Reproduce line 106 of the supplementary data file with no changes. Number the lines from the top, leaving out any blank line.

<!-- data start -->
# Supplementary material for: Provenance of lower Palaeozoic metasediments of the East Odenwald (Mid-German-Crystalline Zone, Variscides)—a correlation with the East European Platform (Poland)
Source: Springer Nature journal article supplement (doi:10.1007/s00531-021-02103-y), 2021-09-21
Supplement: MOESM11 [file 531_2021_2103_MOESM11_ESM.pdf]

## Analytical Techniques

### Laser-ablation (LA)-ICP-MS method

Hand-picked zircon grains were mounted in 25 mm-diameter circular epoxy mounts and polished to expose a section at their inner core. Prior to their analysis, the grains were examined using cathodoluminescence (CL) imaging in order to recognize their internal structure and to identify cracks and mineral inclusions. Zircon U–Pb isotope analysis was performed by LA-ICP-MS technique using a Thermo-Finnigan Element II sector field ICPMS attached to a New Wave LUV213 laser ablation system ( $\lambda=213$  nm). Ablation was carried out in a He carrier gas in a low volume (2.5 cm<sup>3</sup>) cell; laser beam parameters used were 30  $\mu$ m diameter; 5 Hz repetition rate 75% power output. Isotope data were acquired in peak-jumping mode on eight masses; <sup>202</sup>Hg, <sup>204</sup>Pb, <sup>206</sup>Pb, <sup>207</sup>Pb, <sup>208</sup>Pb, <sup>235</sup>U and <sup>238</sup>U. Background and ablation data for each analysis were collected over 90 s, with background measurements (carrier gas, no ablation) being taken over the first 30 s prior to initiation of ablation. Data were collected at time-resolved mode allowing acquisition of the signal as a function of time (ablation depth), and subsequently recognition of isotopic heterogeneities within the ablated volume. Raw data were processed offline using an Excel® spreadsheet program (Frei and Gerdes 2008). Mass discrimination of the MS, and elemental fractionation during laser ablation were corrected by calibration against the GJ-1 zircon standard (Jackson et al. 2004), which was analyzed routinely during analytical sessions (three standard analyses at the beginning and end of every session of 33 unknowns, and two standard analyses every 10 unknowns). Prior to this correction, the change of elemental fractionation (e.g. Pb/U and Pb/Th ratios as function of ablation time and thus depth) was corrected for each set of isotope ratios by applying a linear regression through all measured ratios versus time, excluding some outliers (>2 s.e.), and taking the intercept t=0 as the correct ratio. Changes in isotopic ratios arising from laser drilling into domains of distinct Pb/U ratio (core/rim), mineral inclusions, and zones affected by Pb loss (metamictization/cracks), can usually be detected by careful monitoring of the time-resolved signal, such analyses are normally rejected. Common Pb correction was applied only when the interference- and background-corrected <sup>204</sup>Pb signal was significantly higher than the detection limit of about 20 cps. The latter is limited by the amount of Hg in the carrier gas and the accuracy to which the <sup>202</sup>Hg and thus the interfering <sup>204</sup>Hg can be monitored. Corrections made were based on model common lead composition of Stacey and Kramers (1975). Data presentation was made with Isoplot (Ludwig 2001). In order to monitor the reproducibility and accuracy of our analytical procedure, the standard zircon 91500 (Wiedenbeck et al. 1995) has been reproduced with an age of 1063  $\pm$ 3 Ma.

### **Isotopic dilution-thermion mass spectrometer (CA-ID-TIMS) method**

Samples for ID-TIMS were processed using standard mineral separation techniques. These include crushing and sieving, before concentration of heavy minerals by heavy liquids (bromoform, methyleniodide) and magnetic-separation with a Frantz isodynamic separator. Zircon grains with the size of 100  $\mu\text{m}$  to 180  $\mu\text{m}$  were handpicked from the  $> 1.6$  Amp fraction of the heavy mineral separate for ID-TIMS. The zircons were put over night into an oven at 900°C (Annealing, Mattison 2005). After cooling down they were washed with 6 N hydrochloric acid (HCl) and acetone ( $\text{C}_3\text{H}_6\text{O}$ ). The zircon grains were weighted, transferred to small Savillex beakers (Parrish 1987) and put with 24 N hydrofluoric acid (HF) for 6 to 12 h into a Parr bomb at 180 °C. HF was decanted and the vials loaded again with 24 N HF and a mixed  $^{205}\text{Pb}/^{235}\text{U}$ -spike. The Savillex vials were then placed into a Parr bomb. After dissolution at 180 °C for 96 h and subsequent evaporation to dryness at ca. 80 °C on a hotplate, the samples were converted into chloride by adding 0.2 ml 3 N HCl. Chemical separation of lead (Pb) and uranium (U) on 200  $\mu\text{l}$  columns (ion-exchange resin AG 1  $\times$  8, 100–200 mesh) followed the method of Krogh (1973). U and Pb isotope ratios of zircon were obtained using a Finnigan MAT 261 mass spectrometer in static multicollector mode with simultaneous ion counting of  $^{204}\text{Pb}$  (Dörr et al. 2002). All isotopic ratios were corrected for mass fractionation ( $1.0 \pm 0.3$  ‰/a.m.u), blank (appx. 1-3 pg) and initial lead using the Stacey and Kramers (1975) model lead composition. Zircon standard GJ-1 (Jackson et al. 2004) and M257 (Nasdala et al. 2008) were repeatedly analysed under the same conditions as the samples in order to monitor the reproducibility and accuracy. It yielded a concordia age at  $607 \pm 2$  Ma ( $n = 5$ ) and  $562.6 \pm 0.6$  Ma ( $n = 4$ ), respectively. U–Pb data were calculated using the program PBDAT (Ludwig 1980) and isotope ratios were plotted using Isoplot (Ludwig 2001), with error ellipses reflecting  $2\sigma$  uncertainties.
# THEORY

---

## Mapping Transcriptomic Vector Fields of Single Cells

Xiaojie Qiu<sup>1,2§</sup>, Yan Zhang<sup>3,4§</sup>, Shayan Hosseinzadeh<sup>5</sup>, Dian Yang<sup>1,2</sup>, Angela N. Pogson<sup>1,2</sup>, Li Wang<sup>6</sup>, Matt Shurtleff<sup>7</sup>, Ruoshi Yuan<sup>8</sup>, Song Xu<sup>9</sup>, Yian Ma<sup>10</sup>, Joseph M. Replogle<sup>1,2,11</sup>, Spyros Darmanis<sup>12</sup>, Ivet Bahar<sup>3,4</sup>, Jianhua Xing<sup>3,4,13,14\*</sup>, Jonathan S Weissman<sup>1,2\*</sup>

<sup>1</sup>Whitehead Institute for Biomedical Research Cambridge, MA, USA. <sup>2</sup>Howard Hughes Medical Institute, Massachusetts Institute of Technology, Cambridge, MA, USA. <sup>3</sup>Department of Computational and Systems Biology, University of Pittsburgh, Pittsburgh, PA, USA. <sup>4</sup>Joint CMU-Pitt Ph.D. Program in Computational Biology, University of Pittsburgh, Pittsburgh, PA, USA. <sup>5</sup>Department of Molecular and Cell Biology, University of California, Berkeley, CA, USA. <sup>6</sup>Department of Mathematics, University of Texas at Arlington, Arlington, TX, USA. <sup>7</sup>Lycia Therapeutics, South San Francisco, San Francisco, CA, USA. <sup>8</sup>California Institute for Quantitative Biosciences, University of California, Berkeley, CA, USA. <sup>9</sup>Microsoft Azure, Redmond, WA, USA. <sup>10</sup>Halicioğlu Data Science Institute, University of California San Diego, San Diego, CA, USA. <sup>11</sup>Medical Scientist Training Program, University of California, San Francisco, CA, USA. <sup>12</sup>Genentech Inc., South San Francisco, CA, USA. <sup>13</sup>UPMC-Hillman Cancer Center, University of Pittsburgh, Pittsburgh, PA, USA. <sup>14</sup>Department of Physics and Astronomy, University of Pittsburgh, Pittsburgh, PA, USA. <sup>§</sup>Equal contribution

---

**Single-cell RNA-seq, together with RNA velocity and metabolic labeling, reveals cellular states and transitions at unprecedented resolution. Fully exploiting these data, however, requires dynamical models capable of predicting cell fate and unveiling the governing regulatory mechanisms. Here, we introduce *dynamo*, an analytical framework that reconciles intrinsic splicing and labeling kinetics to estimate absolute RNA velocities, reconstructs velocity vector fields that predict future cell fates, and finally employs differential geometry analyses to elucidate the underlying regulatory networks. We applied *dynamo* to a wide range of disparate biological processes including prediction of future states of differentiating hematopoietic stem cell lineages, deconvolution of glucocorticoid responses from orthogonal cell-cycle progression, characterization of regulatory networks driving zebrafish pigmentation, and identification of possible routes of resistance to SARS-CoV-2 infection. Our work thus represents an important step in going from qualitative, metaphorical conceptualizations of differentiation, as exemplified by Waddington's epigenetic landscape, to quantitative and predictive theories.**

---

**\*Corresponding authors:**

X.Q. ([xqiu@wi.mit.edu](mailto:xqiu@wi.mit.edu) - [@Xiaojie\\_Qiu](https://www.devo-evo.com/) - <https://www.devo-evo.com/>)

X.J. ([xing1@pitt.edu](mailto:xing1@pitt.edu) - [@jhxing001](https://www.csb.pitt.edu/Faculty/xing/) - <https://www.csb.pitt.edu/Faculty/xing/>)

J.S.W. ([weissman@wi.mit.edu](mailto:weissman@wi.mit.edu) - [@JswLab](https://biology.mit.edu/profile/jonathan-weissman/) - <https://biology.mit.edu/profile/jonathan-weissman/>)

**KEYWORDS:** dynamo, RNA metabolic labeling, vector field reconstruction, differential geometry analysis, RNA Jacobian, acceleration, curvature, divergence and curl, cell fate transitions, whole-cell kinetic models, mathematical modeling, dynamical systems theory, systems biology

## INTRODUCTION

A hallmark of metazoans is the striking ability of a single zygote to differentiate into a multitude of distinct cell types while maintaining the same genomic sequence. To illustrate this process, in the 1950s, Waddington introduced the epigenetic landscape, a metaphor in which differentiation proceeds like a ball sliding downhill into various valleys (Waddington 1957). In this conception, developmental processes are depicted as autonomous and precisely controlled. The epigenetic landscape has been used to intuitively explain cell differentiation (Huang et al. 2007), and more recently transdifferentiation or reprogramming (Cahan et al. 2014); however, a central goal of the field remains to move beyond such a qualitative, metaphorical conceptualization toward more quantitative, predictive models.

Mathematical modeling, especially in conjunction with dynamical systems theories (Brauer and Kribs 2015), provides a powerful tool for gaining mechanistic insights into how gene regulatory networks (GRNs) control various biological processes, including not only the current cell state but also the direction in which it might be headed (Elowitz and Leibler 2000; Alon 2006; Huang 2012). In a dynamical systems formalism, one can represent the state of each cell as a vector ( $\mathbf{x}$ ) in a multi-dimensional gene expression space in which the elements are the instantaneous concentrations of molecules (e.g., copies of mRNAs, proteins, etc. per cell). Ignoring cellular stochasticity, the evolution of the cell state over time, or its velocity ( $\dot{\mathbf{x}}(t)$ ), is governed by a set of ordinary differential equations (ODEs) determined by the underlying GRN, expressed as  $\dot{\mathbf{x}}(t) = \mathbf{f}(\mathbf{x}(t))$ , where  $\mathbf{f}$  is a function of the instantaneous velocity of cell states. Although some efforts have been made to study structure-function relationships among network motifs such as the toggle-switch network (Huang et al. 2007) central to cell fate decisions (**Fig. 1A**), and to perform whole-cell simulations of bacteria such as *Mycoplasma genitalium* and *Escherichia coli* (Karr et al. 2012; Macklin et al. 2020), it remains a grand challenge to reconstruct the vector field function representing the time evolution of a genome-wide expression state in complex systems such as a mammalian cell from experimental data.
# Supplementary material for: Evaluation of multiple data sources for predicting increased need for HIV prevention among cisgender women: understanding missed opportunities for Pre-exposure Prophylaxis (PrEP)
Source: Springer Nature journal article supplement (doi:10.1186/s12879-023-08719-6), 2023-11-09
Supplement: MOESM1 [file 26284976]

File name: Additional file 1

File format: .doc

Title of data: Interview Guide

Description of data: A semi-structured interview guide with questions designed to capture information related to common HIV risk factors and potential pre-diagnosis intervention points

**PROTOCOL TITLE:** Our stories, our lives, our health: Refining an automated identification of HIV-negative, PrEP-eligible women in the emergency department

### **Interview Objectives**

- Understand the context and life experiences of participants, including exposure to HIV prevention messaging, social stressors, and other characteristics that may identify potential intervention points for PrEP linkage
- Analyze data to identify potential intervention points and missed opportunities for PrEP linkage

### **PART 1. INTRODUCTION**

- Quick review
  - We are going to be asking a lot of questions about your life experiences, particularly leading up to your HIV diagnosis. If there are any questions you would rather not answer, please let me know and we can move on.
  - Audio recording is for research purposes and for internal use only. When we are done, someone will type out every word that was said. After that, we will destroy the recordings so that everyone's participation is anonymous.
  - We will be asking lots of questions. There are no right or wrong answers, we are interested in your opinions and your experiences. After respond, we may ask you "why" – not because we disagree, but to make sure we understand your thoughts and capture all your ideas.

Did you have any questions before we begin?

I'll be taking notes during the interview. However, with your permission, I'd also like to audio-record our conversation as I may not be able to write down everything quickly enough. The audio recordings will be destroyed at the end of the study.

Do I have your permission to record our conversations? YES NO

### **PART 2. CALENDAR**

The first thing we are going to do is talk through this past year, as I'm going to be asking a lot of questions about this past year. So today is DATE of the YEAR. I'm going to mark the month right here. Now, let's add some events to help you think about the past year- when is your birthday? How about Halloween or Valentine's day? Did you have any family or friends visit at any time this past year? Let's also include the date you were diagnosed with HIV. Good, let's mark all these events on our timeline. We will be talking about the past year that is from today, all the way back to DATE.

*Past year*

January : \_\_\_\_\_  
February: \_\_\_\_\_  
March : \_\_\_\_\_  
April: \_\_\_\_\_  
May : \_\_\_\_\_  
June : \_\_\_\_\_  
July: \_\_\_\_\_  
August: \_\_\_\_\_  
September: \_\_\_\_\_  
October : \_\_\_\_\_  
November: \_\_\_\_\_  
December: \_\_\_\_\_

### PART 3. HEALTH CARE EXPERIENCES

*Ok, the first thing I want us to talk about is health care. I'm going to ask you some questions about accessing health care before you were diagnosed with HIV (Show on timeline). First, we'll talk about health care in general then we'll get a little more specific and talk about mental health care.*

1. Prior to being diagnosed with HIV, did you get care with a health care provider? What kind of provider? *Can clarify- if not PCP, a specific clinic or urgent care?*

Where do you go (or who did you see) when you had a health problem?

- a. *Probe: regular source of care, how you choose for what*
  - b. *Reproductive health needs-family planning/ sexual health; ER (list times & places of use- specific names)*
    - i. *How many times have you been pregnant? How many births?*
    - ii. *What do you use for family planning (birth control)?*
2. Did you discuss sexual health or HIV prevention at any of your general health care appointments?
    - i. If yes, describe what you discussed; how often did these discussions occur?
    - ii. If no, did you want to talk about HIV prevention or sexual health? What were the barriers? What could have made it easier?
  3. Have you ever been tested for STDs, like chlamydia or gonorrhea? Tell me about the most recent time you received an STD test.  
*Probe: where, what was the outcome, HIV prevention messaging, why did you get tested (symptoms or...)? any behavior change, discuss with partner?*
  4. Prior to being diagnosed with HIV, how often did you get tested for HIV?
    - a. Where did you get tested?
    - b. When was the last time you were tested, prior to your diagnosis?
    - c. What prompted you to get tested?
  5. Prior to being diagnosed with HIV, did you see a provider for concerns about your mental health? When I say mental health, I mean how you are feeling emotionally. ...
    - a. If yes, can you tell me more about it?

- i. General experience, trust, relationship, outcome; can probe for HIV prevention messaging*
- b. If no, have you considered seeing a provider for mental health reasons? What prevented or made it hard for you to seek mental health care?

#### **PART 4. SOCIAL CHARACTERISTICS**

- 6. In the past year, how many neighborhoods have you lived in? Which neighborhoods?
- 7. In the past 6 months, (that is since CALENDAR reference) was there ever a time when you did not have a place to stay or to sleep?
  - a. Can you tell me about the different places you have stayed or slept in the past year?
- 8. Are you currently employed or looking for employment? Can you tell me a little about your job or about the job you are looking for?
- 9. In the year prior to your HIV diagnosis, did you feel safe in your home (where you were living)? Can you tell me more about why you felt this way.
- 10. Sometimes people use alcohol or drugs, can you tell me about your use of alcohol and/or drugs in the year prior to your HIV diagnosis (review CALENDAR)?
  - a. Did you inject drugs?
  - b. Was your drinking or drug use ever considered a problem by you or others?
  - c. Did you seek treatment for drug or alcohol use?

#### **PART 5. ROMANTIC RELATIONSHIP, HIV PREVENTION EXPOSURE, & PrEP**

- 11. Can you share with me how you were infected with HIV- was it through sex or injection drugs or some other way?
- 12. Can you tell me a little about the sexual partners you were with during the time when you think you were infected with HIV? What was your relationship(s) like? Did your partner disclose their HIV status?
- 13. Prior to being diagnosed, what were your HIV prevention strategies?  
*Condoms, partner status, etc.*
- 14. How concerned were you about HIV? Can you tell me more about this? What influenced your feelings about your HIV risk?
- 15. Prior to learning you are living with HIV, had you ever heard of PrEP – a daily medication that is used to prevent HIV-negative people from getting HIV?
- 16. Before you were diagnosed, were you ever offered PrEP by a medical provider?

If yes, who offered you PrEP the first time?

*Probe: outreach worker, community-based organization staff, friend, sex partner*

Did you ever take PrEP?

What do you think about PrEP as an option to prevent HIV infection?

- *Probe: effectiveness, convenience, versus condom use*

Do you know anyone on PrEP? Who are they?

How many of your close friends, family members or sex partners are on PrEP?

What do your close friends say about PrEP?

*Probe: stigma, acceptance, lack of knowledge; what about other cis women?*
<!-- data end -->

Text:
*Probe: stigma, acceptance, lack of knowledge; what about other cis women?*